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Changing Period of Performance after Award
By Anonymous on Tuesday, April 01, 2003 - 07:49 am:

I awarded a contract with a basic period of 1 Jun 02 - 31 May 03 with four one-year option periods. My customer wants to change the period of performance to coincide with the fiscal year (1 Oct - 30 Sep). Is this allowed? If so, or not, is there a FAR citation I can reference?


By Vern Edwards on Tuesday, April 01, 2003 - 08:56 am:

Yes, it generally is permissible to restructure the periods of performance, or to make them longer or shorter. To the best of my knowledge, the FAR does not address this matter; such change is more a matter of contract law than procurement statute or regulation. I do not know of any procurement statute or regulation that prohibits restructuring a contract performance period. See FAR Subpart 11.4 for a general discussion of delivery or performance schedules. Any two parties that make a contract can agree to change it.

In practice, you will have to negotiate the change with the contractor, who may be affected in serious and costly ways. You cannot impose the change on the contractor; you must persuade the contractor to agree. This may entail compensating the contractor for any cost impact.

You must also take fiscal law into account. What funds did you obligate on the contract? What funds will you use in the new performance periods?


By joel hoffman on Tuesday, April 01, 2003 - 10:52 am:

Vern, I have two questions. You said, "You cannot impose the change on the contractor; you must persuade the contractor to agree." If so, would the supplemental agreement be outside the authority of the "Changes" clause, because changes are actions which could be unilaterally directed?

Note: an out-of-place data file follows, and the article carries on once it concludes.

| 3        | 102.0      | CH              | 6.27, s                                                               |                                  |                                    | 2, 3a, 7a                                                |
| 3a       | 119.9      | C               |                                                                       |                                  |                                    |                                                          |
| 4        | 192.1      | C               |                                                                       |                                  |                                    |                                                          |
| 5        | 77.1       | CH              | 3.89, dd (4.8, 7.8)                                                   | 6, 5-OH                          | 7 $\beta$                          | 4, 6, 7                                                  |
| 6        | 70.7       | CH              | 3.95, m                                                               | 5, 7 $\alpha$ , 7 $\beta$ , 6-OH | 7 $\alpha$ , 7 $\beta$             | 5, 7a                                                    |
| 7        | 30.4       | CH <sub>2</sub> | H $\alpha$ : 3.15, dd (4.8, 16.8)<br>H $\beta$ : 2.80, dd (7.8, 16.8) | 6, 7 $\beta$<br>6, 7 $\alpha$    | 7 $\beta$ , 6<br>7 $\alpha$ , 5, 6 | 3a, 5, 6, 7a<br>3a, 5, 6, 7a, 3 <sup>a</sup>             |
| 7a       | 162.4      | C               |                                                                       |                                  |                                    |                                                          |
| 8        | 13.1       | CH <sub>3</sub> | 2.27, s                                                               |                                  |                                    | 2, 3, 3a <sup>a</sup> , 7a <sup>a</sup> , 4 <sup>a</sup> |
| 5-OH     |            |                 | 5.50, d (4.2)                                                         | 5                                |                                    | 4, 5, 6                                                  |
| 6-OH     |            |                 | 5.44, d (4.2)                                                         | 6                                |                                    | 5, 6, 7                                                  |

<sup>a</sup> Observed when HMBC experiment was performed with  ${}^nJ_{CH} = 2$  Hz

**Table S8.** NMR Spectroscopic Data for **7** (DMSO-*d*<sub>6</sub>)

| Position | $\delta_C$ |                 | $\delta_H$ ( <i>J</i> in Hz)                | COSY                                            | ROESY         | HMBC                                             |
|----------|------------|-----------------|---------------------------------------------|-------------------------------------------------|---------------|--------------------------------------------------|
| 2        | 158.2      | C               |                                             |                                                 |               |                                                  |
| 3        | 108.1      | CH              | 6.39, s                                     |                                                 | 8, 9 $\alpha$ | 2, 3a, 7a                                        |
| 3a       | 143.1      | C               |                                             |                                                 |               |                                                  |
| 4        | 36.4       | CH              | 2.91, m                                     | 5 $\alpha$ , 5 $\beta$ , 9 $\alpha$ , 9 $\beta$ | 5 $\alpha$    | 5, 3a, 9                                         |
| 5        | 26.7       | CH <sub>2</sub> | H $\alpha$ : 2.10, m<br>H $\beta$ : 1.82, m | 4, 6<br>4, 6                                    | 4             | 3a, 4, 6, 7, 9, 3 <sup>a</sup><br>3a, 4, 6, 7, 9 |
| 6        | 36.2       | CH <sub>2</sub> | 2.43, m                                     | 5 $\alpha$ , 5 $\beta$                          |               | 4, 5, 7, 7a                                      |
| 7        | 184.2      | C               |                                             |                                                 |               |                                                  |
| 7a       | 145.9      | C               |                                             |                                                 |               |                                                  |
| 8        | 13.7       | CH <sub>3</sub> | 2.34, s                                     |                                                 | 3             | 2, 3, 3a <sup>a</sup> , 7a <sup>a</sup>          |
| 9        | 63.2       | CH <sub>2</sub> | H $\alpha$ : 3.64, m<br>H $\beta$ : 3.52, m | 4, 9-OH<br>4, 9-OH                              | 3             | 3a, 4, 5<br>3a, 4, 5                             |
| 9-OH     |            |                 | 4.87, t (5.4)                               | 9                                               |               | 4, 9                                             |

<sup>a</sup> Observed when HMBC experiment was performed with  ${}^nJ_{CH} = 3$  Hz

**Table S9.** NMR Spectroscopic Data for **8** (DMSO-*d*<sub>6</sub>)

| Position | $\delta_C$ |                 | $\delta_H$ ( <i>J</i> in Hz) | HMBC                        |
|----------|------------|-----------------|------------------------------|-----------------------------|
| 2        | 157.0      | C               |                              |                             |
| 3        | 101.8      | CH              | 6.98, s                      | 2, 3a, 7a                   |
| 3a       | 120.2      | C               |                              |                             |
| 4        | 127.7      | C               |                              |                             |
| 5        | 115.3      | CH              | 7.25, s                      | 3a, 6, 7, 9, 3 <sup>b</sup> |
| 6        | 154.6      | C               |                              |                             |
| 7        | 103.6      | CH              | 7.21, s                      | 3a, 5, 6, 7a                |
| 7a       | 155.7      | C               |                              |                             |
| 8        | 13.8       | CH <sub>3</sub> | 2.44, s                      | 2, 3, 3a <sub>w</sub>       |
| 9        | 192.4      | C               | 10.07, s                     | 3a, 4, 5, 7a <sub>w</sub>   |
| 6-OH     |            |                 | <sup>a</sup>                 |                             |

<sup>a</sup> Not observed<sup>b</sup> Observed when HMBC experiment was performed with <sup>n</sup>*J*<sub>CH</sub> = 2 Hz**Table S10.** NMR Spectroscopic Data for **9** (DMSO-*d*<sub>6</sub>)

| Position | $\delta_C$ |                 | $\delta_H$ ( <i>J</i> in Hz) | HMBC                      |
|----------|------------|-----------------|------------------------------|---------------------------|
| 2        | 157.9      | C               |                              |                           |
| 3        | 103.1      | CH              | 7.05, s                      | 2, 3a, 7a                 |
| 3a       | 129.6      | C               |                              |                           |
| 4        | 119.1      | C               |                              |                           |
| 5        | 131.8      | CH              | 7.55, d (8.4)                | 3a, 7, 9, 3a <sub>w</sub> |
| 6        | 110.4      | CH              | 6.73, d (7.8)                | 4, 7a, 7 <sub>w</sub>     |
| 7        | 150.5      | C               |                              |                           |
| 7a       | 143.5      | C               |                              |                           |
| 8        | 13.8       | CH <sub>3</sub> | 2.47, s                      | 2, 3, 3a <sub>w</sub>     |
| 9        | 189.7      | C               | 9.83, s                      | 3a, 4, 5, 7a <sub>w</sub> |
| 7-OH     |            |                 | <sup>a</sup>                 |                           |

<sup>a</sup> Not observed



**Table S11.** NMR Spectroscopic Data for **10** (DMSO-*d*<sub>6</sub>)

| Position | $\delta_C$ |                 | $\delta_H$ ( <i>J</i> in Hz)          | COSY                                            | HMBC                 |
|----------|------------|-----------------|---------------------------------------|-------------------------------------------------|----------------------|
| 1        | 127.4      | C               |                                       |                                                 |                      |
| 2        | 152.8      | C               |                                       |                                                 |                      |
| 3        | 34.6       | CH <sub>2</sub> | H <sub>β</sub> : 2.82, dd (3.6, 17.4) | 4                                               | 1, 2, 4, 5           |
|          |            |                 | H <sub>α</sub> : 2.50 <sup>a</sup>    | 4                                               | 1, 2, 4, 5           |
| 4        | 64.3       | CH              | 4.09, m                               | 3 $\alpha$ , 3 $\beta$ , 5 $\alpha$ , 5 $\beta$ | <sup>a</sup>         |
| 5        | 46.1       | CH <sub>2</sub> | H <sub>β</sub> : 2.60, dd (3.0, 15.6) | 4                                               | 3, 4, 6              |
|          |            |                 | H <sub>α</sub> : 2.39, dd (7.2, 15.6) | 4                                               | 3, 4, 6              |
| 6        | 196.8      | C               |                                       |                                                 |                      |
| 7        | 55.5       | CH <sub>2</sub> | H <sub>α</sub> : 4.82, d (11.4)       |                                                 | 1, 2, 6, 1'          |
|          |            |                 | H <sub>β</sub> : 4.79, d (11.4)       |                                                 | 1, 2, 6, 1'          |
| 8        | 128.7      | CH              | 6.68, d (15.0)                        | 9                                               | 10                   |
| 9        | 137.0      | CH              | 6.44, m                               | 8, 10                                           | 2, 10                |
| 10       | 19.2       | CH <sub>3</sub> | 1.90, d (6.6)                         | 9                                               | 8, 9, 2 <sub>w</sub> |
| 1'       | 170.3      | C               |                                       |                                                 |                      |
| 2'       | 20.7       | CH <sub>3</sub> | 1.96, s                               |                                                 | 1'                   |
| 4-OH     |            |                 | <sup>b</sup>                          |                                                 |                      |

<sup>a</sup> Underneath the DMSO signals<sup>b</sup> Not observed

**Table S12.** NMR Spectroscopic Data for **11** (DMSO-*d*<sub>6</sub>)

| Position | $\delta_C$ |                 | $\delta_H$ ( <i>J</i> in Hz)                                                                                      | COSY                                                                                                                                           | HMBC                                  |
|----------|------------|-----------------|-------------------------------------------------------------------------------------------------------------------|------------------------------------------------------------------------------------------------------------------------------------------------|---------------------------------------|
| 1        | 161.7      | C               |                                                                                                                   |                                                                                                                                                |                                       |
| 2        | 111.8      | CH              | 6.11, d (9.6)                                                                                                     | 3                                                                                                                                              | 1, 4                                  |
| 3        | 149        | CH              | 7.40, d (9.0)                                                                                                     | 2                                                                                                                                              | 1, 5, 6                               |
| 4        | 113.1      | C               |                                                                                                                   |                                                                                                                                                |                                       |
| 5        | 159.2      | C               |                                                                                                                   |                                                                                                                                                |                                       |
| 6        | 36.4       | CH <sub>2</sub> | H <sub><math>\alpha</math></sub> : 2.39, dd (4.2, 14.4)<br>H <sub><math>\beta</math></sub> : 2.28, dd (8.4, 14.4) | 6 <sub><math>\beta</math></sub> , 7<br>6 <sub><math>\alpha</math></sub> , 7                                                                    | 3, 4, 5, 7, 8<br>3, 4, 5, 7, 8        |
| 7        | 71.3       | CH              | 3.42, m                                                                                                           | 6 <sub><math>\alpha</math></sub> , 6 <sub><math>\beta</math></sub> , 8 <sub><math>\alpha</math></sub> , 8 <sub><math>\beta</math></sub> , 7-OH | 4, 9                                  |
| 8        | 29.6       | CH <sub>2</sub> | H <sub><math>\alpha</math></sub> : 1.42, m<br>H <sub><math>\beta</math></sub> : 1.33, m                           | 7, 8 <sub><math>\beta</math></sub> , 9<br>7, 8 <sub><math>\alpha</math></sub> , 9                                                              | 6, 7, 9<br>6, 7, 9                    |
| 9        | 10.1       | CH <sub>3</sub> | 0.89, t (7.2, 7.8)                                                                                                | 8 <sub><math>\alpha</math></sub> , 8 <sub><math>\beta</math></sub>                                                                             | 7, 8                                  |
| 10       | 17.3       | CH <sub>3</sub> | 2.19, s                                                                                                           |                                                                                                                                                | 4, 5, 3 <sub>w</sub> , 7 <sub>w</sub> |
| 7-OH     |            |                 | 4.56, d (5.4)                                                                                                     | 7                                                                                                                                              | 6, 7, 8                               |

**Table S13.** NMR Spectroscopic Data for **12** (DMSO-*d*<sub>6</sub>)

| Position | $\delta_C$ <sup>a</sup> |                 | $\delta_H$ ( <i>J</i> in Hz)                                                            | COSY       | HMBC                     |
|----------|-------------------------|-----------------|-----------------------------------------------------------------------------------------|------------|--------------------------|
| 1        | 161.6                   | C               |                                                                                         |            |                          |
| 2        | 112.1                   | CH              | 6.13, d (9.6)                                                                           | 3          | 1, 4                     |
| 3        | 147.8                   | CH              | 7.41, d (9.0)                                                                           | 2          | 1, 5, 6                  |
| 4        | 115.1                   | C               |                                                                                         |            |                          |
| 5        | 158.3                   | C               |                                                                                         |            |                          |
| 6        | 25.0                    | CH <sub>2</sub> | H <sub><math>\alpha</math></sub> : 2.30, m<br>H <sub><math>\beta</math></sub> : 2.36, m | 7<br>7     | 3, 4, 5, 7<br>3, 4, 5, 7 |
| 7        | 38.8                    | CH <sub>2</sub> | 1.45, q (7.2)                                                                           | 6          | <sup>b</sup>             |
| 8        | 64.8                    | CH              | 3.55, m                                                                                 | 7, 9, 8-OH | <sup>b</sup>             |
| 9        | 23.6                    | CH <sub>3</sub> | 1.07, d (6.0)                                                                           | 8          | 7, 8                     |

Would such a modification, if there is no other operable clause, thus be considered outside the scope of the contract? I know we've discussed this before. I'm not clear when a mod is within or outside the authority of the Changes clause or outside the KO's authority, without further justification or exemption from competition.

Technically, the Changes clause only seems to cover unilateral changes. Many changes are never issued unilaterally, yet still considered "changes", executed pursuant to the Changes clause. I've been under the impression that if one can't direct the scope of the change or unilaterally make the equitable adjustment, it isn't a "change", thus requiring another clause or other authorization to execute. I guess it's safe to say that there is some implied authority to make bilateral changes "within the scope of the contract" and that they are normally executed pursuant to this clause. Correct? happy sails! joel


By FormerCO4AF on Tuesday, April 01, 2003 - 10:57 am:

Vern,

Do you think Anonymous needs to ensure they do not exceed the 5 year limitation set forth at FAR 17.204(e)? (Unless an award term is used)

What about clause 52.217-9 -- Option to Extend the Term of the Contract? Specifically para c...

(c) The total duration of this contract, including the exercise of any options under this clause, shall not exceed ___________ (months)(years).


By Vern Edwards on Tuesday, April 01, 2003 - 11:51 am:

Joel: